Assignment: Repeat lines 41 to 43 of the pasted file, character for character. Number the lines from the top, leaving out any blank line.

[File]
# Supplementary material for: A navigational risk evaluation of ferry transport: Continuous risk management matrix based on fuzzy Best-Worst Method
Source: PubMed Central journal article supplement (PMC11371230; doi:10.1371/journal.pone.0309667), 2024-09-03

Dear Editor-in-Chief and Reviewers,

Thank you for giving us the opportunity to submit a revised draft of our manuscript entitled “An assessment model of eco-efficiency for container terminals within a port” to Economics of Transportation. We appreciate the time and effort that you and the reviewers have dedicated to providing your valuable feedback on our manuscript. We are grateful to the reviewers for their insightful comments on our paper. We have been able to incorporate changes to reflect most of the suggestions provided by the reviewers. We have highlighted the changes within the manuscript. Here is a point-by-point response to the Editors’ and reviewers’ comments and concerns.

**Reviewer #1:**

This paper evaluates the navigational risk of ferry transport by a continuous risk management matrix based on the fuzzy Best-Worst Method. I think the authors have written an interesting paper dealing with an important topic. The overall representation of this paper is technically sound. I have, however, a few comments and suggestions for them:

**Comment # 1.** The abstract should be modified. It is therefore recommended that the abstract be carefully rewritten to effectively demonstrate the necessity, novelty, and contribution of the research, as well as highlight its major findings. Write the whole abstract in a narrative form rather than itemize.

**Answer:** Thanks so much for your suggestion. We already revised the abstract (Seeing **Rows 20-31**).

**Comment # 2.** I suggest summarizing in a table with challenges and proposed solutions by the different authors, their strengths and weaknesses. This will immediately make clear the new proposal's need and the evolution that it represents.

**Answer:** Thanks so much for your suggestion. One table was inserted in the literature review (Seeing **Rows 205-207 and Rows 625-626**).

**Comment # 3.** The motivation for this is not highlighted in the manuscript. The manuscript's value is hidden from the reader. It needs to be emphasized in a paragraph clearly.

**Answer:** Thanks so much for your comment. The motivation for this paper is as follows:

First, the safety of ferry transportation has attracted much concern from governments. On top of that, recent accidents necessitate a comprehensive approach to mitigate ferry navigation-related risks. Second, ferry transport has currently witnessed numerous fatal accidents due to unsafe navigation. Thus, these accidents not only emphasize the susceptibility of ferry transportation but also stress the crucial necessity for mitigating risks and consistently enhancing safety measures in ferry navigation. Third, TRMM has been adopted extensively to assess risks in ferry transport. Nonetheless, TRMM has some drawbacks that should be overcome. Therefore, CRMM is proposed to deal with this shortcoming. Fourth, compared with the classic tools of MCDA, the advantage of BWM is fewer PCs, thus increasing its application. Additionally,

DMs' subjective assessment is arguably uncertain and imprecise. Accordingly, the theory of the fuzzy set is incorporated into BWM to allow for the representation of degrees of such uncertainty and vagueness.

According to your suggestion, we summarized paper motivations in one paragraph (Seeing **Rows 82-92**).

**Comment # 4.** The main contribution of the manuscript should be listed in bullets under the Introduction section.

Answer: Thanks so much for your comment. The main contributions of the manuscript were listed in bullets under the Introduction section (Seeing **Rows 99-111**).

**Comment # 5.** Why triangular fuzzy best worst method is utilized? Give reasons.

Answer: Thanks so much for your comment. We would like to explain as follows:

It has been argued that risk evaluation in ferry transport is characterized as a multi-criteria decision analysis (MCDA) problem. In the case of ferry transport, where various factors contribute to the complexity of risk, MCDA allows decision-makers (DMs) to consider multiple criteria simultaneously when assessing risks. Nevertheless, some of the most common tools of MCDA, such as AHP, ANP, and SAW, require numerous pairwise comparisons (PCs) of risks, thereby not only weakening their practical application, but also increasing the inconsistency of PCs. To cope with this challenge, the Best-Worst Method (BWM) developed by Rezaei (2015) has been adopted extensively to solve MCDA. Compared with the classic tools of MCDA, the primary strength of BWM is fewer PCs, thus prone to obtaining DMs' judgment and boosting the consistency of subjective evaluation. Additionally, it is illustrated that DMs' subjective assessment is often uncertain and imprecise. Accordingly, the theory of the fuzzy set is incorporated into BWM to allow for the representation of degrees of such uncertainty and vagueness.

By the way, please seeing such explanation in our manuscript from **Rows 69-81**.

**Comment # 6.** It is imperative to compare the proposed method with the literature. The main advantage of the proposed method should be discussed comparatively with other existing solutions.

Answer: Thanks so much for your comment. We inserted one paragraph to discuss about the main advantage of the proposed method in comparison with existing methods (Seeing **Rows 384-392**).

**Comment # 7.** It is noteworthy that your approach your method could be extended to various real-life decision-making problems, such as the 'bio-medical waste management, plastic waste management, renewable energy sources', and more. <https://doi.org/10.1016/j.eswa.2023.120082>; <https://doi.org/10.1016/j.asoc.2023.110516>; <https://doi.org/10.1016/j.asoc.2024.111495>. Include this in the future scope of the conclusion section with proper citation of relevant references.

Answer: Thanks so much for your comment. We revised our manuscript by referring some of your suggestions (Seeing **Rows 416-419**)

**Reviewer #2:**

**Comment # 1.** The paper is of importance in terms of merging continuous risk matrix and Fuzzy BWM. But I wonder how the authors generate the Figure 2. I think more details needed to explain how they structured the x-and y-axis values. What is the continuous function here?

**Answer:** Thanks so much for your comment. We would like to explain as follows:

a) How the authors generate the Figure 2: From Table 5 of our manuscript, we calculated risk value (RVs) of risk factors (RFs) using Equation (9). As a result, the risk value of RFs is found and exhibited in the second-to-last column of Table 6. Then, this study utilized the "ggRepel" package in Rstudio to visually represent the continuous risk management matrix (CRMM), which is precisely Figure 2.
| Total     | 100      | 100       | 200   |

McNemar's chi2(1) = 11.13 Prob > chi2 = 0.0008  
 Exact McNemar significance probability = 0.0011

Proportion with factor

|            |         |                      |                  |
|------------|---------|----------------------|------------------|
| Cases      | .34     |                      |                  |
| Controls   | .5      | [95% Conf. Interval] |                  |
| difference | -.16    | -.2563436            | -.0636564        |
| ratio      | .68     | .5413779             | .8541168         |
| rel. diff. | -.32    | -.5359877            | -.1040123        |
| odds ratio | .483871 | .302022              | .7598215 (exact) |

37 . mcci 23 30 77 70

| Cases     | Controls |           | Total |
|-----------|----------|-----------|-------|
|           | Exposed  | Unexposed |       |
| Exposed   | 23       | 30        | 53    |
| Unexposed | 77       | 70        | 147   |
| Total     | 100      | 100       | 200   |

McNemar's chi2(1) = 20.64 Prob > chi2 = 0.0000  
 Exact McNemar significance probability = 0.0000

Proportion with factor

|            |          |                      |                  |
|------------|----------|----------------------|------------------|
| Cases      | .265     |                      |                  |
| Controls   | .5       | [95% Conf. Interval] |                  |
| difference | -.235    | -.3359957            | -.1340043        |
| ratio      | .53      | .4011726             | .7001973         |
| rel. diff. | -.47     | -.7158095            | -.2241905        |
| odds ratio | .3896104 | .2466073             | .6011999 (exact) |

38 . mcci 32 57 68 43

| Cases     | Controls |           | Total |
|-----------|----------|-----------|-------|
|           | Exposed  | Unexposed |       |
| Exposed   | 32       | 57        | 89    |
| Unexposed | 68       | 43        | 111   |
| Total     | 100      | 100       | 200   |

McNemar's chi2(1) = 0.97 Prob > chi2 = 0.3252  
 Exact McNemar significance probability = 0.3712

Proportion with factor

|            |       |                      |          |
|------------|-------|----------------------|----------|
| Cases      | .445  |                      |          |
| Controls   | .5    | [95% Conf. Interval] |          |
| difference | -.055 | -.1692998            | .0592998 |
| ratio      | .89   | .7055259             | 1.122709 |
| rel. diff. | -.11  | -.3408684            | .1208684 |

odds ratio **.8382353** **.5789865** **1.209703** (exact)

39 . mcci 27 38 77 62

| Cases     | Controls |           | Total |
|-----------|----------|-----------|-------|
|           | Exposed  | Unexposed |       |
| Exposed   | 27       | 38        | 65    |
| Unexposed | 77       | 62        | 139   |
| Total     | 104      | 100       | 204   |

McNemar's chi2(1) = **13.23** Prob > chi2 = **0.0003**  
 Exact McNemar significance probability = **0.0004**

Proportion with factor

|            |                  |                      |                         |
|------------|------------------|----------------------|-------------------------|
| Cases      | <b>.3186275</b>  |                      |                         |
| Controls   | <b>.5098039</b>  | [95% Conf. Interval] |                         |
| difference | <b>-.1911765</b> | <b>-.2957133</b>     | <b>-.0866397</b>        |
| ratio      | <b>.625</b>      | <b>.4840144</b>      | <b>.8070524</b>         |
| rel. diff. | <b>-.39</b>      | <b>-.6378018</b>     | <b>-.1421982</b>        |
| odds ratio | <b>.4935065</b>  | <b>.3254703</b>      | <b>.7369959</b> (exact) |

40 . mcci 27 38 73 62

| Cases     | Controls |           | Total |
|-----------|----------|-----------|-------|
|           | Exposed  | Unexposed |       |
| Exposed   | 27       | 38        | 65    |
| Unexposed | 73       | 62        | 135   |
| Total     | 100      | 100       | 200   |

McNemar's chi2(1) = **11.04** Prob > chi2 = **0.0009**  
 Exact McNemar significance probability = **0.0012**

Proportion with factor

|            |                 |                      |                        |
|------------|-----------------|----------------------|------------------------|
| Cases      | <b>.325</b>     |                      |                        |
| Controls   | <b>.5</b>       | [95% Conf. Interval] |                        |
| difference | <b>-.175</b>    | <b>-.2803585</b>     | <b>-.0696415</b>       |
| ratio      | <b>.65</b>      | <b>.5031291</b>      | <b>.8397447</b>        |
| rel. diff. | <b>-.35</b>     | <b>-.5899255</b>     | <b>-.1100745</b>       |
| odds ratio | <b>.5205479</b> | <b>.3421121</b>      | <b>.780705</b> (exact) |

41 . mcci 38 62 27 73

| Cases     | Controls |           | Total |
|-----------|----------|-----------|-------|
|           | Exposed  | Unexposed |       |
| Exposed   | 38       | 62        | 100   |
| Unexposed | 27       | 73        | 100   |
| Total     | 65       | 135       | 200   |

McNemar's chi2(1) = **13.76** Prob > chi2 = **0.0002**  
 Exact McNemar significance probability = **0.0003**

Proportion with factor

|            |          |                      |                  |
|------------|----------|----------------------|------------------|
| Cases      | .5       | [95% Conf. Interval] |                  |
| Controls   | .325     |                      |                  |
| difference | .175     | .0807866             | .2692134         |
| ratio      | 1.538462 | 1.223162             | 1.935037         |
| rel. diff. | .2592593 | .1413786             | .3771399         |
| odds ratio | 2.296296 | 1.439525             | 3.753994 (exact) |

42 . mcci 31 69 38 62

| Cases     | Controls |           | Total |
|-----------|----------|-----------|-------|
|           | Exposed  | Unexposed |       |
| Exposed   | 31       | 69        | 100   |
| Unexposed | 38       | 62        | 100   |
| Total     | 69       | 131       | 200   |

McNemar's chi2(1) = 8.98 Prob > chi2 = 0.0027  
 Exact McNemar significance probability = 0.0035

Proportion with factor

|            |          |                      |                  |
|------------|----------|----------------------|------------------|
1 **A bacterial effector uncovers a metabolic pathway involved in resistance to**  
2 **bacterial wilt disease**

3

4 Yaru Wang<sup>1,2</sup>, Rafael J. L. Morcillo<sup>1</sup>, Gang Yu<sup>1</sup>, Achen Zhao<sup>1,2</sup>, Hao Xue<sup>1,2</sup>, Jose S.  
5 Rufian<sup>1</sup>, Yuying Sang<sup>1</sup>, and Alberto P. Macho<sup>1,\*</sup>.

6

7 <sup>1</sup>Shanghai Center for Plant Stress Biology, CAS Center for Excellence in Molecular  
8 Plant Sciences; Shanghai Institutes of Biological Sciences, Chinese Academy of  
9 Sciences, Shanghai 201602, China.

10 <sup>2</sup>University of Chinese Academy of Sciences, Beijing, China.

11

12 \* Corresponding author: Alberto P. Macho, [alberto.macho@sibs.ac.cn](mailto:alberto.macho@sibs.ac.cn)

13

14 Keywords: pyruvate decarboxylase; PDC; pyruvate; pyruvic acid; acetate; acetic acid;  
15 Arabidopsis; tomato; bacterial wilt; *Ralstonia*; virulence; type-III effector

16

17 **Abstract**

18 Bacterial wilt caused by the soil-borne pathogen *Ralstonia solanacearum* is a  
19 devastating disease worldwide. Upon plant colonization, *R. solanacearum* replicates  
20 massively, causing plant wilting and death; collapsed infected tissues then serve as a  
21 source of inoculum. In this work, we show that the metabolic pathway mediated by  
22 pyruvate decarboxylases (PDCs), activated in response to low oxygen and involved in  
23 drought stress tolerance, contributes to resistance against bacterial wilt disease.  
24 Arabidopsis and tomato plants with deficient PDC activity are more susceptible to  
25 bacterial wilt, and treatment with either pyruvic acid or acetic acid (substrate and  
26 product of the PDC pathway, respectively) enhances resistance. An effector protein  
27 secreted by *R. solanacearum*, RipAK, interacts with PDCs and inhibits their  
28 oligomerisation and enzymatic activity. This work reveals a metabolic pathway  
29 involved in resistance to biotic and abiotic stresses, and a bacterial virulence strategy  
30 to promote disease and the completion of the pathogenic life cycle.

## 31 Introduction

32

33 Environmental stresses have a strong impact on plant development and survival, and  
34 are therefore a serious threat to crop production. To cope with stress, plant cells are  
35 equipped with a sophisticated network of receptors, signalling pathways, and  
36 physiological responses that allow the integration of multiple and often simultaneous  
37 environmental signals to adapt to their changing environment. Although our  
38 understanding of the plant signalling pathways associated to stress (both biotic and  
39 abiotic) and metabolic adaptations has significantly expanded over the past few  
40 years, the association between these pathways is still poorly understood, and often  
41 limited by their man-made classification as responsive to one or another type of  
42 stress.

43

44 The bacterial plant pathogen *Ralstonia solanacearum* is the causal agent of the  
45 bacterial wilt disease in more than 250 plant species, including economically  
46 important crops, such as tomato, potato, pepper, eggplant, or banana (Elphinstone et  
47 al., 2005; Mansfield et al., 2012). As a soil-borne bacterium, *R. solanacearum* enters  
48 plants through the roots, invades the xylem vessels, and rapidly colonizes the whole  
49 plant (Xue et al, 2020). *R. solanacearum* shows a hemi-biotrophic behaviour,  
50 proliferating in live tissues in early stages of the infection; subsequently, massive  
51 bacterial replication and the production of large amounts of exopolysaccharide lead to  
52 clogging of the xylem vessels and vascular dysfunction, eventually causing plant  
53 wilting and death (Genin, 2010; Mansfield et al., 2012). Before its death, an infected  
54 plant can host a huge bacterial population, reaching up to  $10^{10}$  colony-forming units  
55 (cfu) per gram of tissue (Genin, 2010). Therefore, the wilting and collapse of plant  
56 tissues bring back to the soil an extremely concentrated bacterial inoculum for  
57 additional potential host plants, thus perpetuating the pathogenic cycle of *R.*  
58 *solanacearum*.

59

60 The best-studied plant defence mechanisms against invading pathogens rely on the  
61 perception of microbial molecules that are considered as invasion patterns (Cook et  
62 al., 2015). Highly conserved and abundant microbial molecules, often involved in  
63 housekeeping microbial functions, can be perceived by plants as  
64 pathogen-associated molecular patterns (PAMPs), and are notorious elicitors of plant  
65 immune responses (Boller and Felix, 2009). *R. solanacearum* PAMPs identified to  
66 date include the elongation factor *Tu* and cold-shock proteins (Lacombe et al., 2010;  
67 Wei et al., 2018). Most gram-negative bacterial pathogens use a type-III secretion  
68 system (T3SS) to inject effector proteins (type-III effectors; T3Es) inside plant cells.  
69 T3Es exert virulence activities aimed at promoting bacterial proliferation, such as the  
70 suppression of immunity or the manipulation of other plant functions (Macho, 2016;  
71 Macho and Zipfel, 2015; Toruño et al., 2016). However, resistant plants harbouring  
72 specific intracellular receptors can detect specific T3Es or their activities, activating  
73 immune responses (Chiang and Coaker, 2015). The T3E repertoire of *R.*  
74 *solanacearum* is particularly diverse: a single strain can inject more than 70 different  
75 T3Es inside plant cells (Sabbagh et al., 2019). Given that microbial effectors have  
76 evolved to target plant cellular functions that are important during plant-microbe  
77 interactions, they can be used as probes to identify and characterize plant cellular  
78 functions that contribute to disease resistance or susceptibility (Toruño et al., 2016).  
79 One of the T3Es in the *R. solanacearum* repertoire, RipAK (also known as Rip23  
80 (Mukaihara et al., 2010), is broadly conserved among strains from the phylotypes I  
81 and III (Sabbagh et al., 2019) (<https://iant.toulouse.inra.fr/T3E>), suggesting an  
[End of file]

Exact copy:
| odds ratio | .483871 | .302022              | .7598215 (exact) |

37 . mcci 23 30 77 70

| Cases     | Controls |           | Total |